Hiking along Squaw Valley Creek Trail near McCloud CA (Siskiyou County) in April, Leonard and I noticed some beautiful pink flowers next to the water at the base of a steep slope. We climbed down and found a plant that resembled an “alien” species worthy of a science fiction story. (“The Little Shop of Horrors?”)
The banks of Squaw Valley Creek, both above and below the water line, were covered with a mat or carpet of thick, fleshy, scaly, intertwined rhizomes. In places the rhizomes resembled a mass of writhing snakes, although they did not move. At the ends of the rhizomes reddish tongues seemed to flick forward. These “tongues” developed into the petioles (stems) of basal leaves or scapes (leafless flower stalks). The inflorescences were too pretty to belong to the mass of coarse brownish-black rhizomes.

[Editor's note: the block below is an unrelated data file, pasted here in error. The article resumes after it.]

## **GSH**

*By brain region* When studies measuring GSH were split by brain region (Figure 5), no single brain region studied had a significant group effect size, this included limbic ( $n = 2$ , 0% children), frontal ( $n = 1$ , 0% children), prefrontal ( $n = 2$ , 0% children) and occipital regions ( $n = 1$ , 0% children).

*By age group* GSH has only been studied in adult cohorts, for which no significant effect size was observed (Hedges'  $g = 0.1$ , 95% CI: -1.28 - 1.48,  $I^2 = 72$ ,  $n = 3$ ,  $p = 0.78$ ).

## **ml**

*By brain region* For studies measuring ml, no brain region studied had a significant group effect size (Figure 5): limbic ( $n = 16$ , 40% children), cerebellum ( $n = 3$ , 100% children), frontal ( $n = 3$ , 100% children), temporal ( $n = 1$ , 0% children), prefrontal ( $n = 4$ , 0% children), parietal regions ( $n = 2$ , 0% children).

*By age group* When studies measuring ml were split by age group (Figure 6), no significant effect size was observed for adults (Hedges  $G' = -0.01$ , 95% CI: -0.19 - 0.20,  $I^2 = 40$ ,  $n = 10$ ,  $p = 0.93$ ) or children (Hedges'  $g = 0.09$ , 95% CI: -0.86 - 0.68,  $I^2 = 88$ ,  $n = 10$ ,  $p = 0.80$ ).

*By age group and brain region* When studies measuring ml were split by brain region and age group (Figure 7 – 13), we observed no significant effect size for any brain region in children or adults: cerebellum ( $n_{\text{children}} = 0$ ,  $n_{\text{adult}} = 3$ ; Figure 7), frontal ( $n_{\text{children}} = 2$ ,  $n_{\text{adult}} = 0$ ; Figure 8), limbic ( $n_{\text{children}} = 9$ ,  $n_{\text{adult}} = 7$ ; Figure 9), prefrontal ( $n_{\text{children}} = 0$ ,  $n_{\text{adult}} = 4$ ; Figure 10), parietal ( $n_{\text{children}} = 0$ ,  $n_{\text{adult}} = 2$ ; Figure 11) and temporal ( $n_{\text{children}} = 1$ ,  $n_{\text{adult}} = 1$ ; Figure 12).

Indian rhubarb (Darmera peltata) is an acaulescent plant, that is, stemless or essentially so. The stems of the leaves and the stalks of the flowers arise directly from the rhizomes.
Indian rhubarb is a native perennial that grows along fast-moving streams in lower montane and subalpine forests below 6,000 feet. It can be found in Oregon, California and Utah.
A member of the Saxifrage Family, Indian rhubarb is the only species in its genus. Previously the scientific name of D peltata was Peltiphyllum pelatum. Umbrella plant is another colloquial name for Indian rhubarb.
Karl Darmer (1843 – 1918), a Berlin horticulturist, is honored by the genus name. The species designation, peltata, means shield-shaped. Both the species name and the common name, umbrella plant, refer to the large mature leaves.
My next post will introduce Indian rhubarb flowers and leaves.